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(Mathieu Belanger for The Globe and Mail)
(Mathieu Belanger for The Globe and Mail)

Robert Lepage's quiet office Add to ...

Given the incendiary nature of Robert Lepage's theatrical ideas - his new production of Wagner's Ring cycle for New York's Metropolitan Opera is partly staged inside rings of fire - it should come as no surprise that the Canadian mastermind chose a 19th-century former firehall for his Quebec City headquarters. "It's a Second-Empire-style building that we refurbished into a working space, a theatre lab and a production centre," says Lepage, who is currently at work on a new production of Shakespeare's The Tempest to be staged at Wendake, near the Quebec capital, in July.

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Pictured here, his office is upstairs in the former hayloft, where the hay that fed the horses that pulled the old fire trucks was kept. "It's probably the quietest place in the whole building," he says, adding that it's at a remove from the frenetic activity of his Ex Machina company on the floors below. "It's a great place to concentrate or meditate when I'm not with them."

The Japanese face painting:Lepage is a great admirer of ancient Japanese theatre techniques and his office is filled with books and documents dedicated to kabuki, a highly stylized form of dance-drama known for the elaborate makeup worn by its performers. "I spent a lot of my creative work in the 1990s in Japan and there's a huge collection of stuff that I brought back in the office," Lepage says. "Besides bunraku dolls and puppets, there's a lot of these makeup guides in frames. I am very, very fascinated by the kabuki aesthetic, and these little frames show how to do the makeup for the different characters."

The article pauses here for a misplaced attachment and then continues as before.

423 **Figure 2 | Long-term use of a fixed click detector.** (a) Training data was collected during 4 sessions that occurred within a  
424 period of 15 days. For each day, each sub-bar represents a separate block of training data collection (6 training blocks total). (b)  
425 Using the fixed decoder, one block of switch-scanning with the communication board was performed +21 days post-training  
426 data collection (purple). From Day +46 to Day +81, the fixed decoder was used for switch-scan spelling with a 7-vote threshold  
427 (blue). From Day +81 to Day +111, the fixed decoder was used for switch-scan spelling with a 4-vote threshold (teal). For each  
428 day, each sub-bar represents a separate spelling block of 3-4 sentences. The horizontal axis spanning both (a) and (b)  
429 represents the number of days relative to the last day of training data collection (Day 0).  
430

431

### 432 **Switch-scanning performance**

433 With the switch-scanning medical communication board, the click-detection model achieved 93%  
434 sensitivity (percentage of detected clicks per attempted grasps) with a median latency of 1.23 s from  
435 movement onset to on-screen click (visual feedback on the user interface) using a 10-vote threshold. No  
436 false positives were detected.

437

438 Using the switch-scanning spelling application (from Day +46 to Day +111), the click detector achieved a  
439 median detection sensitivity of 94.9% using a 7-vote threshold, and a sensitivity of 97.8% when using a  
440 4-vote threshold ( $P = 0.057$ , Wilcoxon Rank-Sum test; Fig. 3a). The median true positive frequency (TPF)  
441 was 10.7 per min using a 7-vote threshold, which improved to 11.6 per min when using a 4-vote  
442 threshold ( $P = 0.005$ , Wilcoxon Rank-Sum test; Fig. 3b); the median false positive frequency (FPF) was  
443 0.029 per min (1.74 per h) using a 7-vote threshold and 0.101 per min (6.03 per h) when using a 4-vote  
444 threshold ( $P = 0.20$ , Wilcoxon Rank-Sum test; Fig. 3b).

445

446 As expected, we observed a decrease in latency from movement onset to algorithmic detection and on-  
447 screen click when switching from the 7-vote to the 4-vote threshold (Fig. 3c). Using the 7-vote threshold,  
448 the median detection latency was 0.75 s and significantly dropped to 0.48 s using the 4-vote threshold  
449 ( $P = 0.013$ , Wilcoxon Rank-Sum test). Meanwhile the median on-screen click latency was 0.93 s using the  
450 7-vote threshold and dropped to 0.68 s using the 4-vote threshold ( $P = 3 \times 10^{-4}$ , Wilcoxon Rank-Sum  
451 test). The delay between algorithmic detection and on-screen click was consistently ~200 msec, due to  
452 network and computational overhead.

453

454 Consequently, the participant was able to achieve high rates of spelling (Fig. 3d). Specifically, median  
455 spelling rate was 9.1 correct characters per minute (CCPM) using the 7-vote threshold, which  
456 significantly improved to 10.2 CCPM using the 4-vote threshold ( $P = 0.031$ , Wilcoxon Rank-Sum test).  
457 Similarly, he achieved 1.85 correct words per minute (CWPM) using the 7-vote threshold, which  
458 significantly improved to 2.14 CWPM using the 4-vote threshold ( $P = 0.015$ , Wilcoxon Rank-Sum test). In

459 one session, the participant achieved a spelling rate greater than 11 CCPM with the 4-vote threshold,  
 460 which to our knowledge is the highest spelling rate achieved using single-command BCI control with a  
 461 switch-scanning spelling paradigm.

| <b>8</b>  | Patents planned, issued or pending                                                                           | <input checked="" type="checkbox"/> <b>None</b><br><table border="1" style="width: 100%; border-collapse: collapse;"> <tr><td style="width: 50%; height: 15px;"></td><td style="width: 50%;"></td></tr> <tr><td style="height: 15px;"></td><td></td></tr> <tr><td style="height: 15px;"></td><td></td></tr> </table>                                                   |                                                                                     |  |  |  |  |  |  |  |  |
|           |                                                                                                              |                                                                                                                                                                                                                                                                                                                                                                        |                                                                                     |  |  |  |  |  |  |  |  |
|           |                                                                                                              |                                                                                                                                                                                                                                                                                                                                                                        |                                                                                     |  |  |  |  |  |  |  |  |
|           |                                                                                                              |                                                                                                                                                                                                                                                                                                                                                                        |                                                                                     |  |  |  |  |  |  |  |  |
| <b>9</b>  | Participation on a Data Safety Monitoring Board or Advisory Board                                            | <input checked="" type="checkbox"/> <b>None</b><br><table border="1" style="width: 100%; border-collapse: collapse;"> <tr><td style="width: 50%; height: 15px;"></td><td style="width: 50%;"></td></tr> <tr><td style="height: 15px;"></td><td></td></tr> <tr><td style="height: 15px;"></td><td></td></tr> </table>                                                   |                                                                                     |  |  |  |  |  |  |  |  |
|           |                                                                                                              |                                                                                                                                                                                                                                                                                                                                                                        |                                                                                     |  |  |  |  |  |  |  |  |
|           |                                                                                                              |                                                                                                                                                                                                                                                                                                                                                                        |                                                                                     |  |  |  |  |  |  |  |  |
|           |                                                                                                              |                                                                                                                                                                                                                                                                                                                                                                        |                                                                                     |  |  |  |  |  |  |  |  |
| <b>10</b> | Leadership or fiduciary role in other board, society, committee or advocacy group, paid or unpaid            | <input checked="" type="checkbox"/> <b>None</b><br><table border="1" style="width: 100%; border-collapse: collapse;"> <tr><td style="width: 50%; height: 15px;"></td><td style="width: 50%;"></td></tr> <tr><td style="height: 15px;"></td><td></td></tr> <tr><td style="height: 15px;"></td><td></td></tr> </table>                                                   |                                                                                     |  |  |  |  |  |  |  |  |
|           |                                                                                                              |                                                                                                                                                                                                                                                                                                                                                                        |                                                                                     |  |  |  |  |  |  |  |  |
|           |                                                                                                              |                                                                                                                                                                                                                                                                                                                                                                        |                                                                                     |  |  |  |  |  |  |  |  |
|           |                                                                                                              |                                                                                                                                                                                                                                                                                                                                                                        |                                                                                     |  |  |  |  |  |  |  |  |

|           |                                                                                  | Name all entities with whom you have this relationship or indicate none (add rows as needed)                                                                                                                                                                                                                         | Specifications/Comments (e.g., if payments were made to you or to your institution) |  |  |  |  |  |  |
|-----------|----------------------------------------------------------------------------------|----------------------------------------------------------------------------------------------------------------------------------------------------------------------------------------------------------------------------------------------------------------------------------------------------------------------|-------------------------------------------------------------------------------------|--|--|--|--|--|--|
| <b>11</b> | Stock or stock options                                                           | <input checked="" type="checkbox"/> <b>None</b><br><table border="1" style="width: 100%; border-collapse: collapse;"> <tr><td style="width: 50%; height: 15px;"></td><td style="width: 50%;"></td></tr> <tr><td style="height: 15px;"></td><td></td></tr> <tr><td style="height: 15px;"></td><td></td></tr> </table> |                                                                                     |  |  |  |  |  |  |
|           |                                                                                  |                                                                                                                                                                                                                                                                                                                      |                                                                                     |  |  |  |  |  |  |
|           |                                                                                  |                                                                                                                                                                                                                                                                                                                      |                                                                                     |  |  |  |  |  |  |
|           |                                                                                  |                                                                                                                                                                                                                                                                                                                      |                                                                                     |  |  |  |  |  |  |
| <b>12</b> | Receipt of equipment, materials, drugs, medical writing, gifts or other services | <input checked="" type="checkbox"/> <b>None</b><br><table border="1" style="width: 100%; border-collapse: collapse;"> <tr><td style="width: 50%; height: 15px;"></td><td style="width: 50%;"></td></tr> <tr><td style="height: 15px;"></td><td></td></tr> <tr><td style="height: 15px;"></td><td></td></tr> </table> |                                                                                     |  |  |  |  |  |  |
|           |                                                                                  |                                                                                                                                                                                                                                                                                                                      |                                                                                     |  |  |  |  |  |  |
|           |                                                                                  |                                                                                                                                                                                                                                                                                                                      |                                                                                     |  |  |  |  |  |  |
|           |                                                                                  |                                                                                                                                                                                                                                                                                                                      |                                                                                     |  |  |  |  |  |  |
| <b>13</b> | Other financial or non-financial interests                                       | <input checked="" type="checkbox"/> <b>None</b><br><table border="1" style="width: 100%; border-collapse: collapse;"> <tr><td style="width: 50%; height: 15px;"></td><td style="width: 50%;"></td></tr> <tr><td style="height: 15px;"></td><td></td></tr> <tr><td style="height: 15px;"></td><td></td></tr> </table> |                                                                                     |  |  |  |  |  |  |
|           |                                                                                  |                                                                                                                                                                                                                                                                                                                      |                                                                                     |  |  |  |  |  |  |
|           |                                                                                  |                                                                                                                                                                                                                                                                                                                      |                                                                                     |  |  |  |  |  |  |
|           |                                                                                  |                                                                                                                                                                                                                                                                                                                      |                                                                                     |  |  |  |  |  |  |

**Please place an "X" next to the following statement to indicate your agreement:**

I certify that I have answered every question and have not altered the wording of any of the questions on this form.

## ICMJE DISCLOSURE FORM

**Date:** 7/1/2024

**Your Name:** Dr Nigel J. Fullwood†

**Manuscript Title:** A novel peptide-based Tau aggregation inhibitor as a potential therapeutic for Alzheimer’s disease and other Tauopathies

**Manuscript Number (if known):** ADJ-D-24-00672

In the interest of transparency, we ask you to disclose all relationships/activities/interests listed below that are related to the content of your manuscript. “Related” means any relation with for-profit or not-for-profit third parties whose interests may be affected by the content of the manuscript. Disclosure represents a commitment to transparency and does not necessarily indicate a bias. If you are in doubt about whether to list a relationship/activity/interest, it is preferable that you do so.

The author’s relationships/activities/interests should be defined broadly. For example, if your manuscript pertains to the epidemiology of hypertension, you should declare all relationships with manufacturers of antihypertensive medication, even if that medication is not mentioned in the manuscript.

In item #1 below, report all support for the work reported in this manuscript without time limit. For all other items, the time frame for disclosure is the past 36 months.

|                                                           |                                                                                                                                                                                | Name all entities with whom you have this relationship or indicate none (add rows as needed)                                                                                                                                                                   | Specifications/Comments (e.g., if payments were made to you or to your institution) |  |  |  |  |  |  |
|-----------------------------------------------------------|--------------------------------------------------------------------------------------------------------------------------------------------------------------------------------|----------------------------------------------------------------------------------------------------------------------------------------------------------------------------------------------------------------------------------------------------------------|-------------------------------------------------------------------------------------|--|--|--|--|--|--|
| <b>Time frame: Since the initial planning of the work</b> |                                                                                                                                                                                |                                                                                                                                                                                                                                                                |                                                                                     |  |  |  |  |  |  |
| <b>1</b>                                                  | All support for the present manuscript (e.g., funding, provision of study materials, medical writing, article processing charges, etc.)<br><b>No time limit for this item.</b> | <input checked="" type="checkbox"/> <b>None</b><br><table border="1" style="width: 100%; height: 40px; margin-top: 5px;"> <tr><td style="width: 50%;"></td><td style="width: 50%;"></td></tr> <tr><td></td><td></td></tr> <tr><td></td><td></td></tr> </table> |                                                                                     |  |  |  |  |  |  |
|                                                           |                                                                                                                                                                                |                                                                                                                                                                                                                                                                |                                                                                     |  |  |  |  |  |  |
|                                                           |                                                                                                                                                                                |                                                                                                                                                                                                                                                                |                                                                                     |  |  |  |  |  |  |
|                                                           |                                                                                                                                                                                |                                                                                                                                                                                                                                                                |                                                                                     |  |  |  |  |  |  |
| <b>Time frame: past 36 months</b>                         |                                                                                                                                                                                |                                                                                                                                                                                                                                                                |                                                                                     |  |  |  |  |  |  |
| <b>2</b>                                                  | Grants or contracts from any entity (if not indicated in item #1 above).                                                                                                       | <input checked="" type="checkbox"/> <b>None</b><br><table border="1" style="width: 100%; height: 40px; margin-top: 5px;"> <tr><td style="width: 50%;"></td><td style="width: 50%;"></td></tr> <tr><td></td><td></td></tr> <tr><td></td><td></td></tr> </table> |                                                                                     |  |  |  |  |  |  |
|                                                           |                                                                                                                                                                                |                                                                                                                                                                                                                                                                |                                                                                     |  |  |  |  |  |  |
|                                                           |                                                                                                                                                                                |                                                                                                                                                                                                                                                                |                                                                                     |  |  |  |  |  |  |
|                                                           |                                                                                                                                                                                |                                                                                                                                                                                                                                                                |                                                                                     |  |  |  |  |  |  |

The windows: "These were added," Lepage says. "The tall ones give a view over the terrace. The room is a very different environment in the summer, when we open these windows because a lot of our life here takes place out on that terrace. People use it to eat outside, take breaks. It's really a gathering place."

The exposed beams: Original to the building, the wood beams were left intact during an extensive 17-month renovation of the interior in 1997. "We tried to give [the building]an authentic look; we wanted to see its architecture, its structure," Lepage says. "The building is part of that square kilometre of Quebec City that contains some of the oldest, let's say, European landmarks in North America, so it was important that whatever refurbishing or re-tweaking of the building we did referred to its past."

The door with window: "This golden door with a round window has a view onto a small greenhouse where we've been trying to keep things alive, but it's tricky," Lepage says. "Quebec City winters are very cold and through the window you can see tropical plants trying to survive minus-25-degree environments. It's quite a challenge to keep that greenhouse green."

The black sofa: A prop used for The Seven Streams of the River Ota, a 1994 multidisciplinary production and the first show Lepage created with his Ex Machina company, the couch is today where many a creative meeting takes place. "Like most of the stuff in the building, it's a direct inheritance from one of my productions," Lepage says. "When you're counting your pennies and wanting to put the money of the company into more creative projects, you are often sitting on props or using bits of furniture that were part of another show."

The glass table: "The large glass table is actually a work of art," Lepage says. "It was commissioned from Luc Archambault, who's a famous painter in Quebec City and who also makes furniture; the table's legs reflect a Japanese aesthetic, too. They're almost origami."

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